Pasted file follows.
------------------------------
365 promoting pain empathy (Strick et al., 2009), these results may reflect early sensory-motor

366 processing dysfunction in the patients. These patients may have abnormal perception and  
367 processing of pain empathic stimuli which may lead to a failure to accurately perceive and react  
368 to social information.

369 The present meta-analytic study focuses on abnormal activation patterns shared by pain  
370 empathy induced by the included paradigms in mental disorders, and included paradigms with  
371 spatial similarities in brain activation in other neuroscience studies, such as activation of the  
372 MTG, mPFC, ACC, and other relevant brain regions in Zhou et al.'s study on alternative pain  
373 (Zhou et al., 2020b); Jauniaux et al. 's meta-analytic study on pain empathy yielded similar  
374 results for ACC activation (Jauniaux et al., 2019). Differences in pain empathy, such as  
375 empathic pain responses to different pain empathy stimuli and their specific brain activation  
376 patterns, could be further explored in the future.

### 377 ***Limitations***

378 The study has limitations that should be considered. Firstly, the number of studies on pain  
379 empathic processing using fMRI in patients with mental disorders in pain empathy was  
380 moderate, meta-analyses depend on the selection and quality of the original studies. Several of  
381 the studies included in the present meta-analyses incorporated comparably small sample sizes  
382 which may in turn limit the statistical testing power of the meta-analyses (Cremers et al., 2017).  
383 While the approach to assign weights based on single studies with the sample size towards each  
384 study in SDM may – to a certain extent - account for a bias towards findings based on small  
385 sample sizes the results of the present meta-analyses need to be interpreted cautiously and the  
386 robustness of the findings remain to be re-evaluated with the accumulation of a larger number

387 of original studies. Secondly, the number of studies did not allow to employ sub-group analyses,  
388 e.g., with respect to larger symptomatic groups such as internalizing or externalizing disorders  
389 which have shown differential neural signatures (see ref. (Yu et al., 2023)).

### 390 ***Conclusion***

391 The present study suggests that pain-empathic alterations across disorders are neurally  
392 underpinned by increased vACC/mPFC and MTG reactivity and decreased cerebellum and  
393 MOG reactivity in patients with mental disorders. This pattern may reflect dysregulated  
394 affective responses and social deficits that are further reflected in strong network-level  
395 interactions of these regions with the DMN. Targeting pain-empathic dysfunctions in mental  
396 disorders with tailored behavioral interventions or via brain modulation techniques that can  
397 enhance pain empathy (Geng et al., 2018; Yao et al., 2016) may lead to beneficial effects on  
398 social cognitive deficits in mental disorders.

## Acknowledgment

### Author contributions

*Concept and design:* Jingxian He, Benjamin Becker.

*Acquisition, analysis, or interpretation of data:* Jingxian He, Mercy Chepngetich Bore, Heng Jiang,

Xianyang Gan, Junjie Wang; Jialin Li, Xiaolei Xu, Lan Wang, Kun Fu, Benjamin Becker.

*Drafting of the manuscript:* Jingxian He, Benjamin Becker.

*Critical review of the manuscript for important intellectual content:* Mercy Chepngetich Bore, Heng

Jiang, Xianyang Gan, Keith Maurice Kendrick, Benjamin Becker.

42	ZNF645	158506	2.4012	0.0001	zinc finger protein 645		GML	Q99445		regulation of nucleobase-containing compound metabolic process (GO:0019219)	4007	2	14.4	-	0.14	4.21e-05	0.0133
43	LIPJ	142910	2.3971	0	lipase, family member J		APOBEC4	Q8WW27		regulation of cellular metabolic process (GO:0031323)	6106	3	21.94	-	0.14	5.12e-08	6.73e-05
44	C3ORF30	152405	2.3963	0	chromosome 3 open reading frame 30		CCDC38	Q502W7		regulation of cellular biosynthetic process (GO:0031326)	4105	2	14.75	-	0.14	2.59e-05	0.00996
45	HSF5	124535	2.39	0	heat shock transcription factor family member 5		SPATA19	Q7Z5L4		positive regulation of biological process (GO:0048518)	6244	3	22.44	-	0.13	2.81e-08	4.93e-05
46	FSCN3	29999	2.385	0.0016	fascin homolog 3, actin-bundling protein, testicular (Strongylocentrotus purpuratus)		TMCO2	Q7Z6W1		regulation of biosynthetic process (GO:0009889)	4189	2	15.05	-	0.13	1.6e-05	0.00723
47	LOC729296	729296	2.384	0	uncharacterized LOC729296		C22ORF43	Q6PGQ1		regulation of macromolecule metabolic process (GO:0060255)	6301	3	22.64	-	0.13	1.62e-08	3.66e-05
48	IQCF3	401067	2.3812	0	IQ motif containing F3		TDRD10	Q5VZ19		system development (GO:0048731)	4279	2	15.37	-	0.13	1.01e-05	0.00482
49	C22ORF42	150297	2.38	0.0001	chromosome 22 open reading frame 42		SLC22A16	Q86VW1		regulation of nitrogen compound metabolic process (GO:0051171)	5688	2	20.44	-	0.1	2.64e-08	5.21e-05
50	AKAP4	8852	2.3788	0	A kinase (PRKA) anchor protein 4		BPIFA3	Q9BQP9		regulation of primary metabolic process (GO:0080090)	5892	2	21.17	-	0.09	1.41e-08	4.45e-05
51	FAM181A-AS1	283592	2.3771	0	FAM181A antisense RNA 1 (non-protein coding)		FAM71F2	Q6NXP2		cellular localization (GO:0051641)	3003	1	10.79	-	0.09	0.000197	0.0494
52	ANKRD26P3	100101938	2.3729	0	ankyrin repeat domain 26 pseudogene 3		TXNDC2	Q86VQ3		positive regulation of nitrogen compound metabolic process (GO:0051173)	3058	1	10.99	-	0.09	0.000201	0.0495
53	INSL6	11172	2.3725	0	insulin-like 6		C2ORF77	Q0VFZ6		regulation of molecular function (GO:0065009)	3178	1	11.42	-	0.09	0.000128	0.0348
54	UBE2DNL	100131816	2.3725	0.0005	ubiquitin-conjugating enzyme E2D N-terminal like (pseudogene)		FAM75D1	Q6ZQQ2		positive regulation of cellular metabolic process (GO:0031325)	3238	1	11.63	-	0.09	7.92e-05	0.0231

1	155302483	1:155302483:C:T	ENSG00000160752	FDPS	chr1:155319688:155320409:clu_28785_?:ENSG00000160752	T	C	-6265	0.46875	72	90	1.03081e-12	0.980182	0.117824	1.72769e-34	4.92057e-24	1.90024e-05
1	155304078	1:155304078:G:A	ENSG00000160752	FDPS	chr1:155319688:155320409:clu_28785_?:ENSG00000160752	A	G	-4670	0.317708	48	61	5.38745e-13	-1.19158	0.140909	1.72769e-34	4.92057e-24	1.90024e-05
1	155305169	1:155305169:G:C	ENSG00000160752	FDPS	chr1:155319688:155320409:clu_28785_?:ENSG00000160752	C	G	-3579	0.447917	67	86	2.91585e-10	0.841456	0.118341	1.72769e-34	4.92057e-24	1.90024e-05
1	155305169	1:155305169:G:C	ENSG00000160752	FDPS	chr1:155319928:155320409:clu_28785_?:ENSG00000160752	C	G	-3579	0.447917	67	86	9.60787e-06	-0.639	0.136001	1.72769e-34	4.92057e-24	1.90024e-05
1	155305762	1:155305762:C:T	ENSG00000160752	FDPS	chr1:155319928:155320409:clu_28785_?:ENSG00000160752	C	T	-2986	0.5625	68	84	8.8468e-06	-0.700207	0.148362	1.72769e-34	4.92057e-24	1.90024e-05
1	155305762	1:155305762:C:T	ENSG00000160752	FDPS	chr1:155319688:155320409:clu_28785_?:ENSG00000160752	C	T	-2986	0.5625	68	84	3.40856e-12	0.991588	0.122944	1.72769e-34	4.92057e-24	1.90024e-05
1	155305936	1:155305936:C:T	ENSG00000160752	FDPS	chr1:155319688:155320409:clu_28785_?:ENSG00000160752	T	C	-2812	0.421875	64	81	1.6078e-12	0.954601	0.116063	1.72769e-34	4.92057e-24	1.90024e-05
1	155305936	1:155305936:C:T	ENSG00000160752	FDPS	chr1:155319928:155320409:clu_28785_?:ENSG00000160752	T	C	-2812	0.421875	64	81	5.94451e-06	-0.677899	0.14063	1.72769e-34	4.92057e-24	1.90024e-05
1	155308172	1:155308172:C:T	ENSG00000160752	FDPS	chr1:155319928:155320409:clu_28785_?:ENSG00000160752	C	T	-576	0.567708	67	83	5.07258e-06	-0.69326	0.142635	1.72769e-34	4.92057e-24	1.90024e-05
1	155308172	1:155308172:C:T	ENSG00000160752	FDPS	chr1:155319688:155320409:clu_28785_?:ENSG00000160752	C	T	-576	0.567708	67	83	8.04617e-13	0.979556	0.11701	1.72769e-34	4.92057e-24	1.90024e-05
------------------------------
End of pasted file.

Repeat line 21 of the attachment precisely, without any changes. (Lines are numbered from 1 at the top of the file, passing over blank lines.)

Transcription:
385 sample sizes the results of the present meta-analyses need to be interpreted cautiously and the  